OK, so this JDM ad is from a decade later, but it deserves viewing for its amazing levels of tachycardiac frenzy.

One of the main reasons you don’t see too many Starlets on the street today is that so many of them have ended up doing stuff like this.

There’s a 4AGE-swapped Starlet racing in West Coast 24 Hours of LeMons events, and it’s fairly quick. Not as quick as an FX16 Corolla GT-S with the same engine, maybe, but it has more character.

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  • Shawnski Shawnski on Mar 18, 2016

    When I think think of sub 1800 lb cars with indestructible pushrod motors, '77-'80 Fiesta. It had 66 hp, more room, and better looks than this little sad sack. Yes the Starlet had RWD, but very poor packaging. The Tercel on the other hand was neat little car.

  • Dukeisduke Dukeisduke on Mar 31, 2016

    Oh man, I loved the Starlet. Also, check out the photobombing of the last picture by Tim Odell's Los Huevos Ranchero, which has since met its demise. But, another one is in the works.

  • MaintenanceCosts This is now our fourth 20th Anniversary GTI, and the third of those four that had major structural modifications for purely aesthetic reasons. I didn't picture Tim as the type to want to join the STANCE YO crowd, but here we are?
  • JMII This is why I don't watch NASCAR, it just a crash fest. Normally due the nature of open-wheel cars you don't see such risky behavior during Indy car events. You can't trade paint and bump draft with an Indy car. I thought it was a sad ending for a 500. While everyone wants a green flag finish at some point (3 laps? 5 laps?) red flagging it is just tempting people too much like a reset button in a game.The overall problem is the 500 is not a "normal" race. Many one-off competitors enter it and for almost every driver they are willing to throw away the entire season championship just to win the "500". It sure pays way more then winning the championship. This would be like making a regular season NFL game worth more then the Super Bowl. This encourages risky behavior.I am not sure what the fix is, but Indy's restart procedures have been a mess for years. If I was in charge the rule would be pit speed limiter until the green flag drops at a certain place on the track - like NASCARs restart "zone". Currently the leader can pace the field however they wish and accelerate whenever they choose. This leads to multiple false and jumped starts with no penalty for the behavior. Officals rarely wave off such restarts, but that did happened once on Sunday so they tried to make driver behave. The situation almost didn't happen as there were two strategies in the end with some conserving fuel and running old tires, driving slower with others racing ahead. However the last caution put everyone on even terms so nobody had advantage. It always gets crazy in the last few laps but bunching up the field with a yellow or red flag is just asking for trouble.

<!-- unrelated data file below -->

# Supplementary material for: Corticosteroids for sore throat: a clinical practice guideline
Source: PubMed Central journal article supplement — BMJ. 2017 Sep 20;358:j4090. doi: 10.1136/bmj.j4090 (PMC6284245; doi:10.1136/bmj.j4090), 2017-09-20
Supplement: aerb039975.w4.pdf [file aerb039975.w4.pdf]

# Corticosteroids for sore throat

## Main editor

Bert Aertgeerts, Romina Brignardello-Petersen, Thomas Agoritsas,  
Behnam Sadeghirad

• Tim Healey Lol it's simply that VWVortex is fertile ground for interesting used cars!
  • Jalop1991 I say, install gun racks.Let the games begin!
  • EBFlex For those keeping track, Ford is up to 24 recalls this year and is still leading the industry. But hey, they just build some Super Dutys that are error free. Ford even sent out a self congratulatory press release saying they built Super Duty’s with zero defects. What an accomplishment!